Infertile women often consider infertility the most stressful event of their lives and describe repeated and successive treatment courses as repeated periods of crisis (1). Approximately 32% of women are at risk of developing mental health problems in the early stages of infertility treatment (2). Different infertility treatments are increasing rapidly and they are stressful for infertile women (3). The women undergoing assisted reproductive technology (ART) are often anxious and depressed due to infertility and uncertainty of treatment outcome (4). Cousineau and colleagues believed that only half of the couples seeking a solution to this problem in infertility treatment centers achieve success (5). Simbar and co-workers reported the success rate of ARTs in the infertile women visiting the selected infertility treatment centers in Tehran between 9% and 14.5% (6). The increase of unsuccessful cycles causes further physiological problems on women (7–11). Psychological problems and their associated negative behavior states, as a vicious cycle, may be a threat for the treatment consequence of Intracytoplasmic Sperm Injection (ICSI) and Intra Vitro Fertilization (IVF) (12, 13).
Different mechanisms have been proposed for the impact of negative behavior states on infertility including impairing the secretion of gonadotropins, local effect of catecholamine on uterus and function of fallopian tubes, and impairing the immunological trends participating in the preservation of fertility and implantation (14). The psychological aspects of adjustment to and coping with infertility were introduced as the major factors effective in the psychological pressures caused by infertility. Adjustment to infertility is a mental processing method by which an individual processes the information related to the problems caused by infertility, therapeutic interventions, and their outcomes (15–18). Coping strategies encompass a group of behaviors exhibited by an individual while encountering the problems caused by infertility (19). Studies show that infertile couples apply a wide range of methods of coping with infertility (20). Different ways of coping with infertility include avoidance of infertility experience reminders, hide or discharge of inner feelings, self-blame, denial, and appeal to religious beliefs (21).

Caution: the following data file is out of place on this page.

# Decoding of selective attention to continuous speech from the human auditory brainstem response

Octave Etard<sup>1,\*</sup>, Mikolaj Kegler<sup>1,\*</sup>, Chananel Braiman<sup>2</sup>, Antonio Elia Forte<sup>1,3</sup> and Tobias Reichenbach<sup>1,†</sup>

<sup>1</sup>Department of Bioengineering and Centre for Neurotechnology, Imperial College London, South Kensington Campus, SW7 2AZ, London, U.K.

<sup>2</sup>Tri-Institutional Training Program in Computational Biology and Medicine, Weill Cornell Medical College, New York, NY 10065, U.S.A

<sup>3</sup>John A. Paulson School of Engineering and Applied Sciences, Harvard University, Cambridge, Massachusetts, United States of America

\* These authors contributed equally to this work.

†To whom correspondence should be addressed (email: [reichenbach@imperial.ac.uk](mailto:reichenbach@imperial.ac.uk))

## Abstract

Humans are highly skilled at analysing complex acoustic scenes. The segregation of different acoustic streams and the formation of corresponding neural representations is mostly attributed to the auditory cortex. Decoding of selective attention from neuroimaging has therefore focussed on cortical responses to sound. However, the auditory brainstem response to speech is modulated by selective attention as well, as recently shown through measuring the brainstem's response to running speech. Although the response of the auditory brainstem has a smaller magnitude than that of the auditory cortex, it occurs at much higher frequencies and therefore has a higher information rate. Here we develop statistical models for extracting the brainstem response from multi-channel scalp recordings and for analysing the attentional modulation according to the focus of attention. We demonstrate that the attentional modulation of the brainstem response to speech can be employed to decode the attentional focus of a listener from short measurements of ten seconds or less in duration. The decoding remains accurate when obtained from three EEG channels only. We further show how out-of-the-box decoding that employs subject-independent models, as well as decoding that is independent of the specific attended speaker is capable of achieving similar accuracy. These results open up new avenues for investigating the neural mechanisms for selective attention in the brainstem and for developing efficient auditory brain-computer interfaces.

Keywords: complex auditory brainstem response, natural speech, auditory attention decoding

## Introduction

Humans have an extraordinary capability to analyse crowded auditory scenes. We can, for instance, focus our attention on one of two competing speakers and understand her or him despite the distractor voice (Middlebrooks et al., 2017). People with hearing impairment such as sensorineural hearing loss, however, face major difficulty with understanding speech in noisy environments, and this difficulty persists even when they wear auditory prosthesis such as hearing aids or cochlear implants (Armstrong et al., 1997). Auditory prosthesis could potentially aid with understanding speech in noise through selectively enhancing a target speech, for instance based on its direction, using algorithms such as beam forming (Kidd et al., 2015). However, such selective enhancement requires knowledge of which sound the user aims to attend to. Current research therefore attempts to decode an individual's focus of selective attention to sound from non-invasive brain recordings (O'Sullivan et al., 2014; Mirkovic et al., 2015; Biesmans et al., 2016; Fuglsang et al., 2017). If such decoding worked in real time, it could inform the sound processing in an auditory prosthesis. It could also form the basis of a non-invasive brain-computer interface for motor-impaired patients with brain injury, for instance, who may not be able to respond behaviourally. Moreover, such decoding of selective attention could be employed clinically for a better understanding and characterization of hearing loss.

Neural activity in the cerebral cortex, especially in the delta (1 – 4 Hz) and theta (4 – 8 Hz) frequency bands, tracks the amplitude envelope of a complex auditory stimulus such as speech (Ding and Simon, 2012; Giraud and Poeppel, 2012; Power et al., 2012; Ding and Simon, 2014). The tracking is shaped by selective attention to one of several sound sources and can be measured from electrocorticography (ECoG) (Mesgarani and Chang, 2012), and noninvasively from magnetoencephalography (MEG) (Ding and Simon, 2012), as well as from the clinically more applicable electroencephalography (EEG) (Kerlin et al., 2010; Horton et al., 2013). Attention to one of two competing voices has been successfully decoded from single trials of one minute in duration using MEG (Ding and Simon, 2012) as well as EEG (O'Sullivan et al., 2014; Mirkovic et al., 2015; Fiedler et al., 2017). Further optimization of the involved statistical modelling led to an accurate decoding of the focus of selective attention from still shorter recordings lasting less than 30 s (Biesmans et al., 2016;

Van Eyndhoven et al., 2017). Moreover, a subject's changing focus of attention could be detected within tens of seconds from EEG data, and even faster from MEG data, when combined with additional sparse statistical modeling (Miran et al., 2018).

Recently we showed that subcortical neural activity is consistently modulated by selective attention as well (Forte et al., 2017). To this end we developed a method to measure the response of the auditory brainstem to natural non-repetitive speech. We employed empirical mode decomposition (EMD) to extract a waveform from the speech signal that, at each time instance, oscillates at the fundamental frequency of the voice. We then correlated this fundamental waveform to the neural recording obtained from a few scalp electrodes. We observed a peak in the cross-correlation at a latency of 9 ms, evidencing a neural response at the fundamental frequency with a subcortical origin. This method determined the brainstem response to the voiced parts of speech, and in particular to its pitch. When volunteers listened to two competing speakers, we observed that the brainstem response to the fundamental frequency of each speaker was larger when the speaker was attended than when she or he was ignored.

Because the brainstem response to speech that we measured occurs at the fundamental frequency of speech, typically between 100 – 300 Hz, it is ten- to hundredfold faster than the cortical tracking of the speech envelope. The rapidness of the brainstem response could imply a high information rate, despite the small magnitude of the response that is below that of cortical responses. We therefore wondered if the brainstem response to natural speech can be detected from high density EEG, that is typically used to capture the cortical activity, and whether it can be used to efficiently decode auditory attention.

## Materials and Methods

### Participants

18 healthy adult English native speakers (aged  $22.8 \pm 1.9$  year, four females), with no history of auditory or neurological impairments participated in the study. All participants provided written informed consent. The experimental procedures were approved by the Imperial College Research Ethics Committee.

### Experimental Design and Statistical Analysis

Different studies have proved the relationship between physical–mental problems and infertility (22, 23); however, various aspects of infertility are still unknown (24). With respect to the role of mental pressures on the outcome of ART, it is hoped that the stresses caused by long-term and time-consuming treatments and extremely high treatment costs, especially when they hinder treatment, are avoided through identification and intervention of the factors related to ART success.
Therefore, a study was conducted aiming at determining the relationship between different strategies of psychological coping and adjustment of infertile women and ART.
2. Materials and Methods